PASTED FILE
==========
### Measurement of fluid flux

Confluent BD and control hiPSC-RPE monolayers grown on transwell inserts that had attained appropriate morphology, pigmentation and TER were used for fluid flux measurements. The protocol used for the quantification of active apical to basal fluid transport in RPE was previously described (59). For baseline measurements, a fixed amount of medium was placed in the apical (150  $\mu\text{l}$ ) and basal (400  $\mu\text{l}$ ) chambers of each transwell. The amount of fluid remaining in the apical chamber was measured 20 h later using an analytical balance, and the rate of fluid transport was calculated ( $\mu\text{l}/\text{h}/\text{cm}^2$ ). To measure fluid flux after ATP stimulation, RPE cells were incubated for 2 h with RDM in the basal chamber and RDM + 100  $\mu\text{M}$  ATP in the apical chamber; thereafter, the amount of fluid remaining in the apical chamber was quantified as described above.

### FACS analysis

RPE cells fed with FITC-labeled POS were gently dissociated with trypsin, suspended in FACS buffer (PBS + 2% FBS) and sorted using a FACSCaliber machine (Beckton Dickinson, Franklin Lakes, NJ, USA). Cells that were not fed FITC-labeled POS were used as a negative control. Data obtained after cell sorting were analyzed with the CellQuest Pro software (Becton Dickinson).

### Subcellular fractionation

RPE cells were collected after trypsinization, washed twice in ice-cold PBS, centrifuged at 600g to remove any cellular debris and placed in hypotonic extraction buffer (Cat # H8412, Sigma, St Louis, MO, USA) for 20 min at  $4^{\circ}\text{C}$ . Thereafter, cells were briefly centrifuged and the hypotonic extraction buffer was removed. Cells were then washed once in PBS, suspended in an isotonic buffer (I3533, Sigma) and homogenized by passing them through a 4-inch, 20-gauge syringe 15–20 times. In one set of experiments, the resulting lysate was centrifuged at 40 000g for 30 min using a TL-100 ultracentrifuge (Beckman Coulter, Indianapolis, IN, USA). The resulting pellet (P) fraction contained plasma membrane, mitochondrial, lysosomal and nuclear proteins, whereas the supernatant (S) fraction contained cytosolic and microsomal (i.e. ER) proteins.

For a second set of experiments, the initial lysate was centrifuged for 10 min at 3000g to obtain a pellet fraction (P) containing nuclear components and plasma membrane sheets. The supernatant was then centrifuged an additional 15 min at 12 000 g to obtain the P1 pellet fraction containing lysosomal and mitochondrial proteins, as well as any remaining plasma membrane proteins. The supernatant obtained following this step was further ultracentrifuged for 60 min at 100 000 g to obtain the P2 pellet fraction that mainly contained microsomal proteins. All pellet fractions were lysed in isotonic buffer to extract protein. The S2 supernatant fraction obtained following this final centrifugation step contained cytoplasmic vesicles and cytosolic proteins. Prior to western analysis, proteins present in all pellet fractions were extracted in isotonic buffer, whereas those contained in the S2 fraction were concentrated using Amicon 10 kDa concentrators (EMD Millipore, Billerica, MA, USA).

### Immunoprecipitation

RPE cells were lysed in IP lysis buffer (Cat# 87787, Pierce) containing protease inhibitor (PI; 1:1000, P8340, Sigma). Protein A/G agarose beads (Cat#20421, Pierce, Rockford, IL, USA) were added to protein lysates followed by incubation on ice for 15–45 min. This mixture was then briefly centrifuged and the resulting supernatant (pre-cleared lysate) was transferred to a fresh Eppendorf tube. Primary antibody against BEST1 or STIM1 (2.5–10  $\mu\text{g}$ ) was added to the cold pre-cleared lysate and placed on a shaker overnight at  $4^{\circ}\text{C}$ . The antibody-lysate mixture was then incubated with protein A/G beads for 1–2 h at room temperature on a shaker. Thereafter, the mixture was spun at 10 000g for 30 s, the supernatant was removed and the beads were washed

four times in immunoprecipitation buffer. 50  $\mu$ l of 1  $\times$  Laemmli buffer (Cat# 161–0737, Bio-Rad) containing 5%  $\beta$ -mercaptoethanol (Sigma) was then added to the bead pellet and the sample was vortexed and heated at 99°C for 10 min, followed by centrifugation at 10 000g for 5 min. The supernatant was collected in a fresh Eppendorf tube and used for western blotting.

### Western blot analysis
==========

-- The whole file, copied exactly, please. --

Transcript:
### Measurement of fluid flux

Confluent BD and control hiPSC-RPE monolayers grown on transwell inserts that had attained appropriate morphology, pigmentation and TER were used for fluid flux measurements. The protocol used for the quantification of active apical to basal fluid transport in RPE was previously described (59). For baseline measurements, a fixed amount of medium was placed in the apical (150  $\mu\text{l}$ ) and basal (400  $\mu\text{l}$ ) chambers of each transwell. The amount of fluid remaining in the apical chamber was measured 20 h later using an analytical balance, and the rate of fluid transport was calculated ( $\mu\text{l}/\text{h}/\text{cm}^2$ ). To measure fluid flux after ATP stimulation, RPE cells were incubated for 2 h with RDM in the basal chamber and RDM + 100  $\mu\text{M}$  ATP in the apical chamber; thereafter, the amount of fluid remaining in the apical chamber was quantified as described above.

### FACS analysis

RPE cells fed with FITC-labeled POS were gently dissociated with trypsin, suspended in FACS buffer (PBS + 2% FBS) and sorted using a FACSCaliber machine (Beckton Dickinson, Franklin Lakes, NJ, USA). Cells that were not fed FITC-labeled POS were used as a negative control. Data obtained after cell sorting were analyzed with the CellQuest Pro software (Becton Dickinson).

### Subcellular fractionation

RPE cells were collected after trypsinization, washed twice in ice-cold PBS, centrifuged at 600g to remove any cellular debris and placed in hypotonic extraction buffer (Cat # H8412, Sigma, St Louis, MO, USA) for 20 min at  $4^{\circ}\text{C}$ . Thereafter, cells were briefly centrifuged and the hypotonic extraction buffer was removed. Cells were then washed once in PBS, suspended in an isotonic buffer (I3533, Sigma) and homogenized by passing them through a 4-inch, 20-gauge syringe 15–20 times. In one set of experiments, the resulting lysate was centrifuged at 40 000g for 30 min using a TL-100 ultracentrifuge (Beckman Coulter, Indianapolis, IN, USA). The resulting pellet (P) fraction contained plasma membrane, mitochondrial, lysosomal and nuclear proteins, whereas the supernatant (S) fraction contained cytosolic and microsomal (i.e. ER) proteins.

For a second set of experiments, the initial lysate was centrifuged for 10 min at 3000g to obtain a pellet fraction (P) containing nuclear components and plasma membrane sheets. The supernatant was then centrifuged an additional 15 min at 12 000 g to obtain the P1 pellet fraction containing lysosomal and mitochondrial proteins, as well as any remaining plasma membrane proteins. The supernatant obtained following this step was further ultracentrifuged for 60 min at 100 000 g to obtain the P2 pellet fraction that mainly contained microsomal proteins. All pellet fractions were lysed in isotonic buffer to extract protein. The S2 supernatant fraction obtained following this final centrifugation step contained cytoplasmic vesicles and cytosolic proteins. Prior to western analysis, proteins present in all pellet fractions were extracted in isotonic buffer, whereas those contained in the S2 fraction were concentrated using Amicon 10 kDa concentrators (EMD Millipore, Billerica, MA, USA).

### Immunoprecipitation

RPE cells were lysed in IP lysis buffer (Cat# 87787, Pierce) containing protease inhibitor (PI; 1:1000, P8340, Sigma). Protein A/G agarose beads (Cat#20421, Pierce, Rockford, IL, USA) were added to protein lysates followed by incubation on ice for 15–45 min. This mixture was then briefly centrifuged and the resulting supernatant (pre-cleared lysate) was transferred to a fresh Eppendorf tube. Primary antibody against BEST1 or STIM1 (2.5–10  $\mu\text{g}$ ) was added to the cold pre-cleared lysate and placed on a shaker overnight at  $4^{\circ}\text{C}$ . The antibody-lysate mixture was then incubated with protein A/G beads for 1–2 h at room temperature on a shaker. Thereafter, the mixture was spun at 10 000g for 30 s, the supernatant was removed and the beads were washed

four times in immunoprecipitation buffer. 50  $\mu$ l of 1  $\times$  Laemmli buffer (Cat# 161–0737, Bio-Rad) containing 5%  $\beta$ -mercaptoethanol (Sigma) was then added to the bead pellet and the sample was vortexed and heated at 99°C for 10 min, followed by centrifugation at 10 000g for 5 min. The supernatant was collected in a fresh Eppendorf tube and used for western blotting.

### Western blot analysis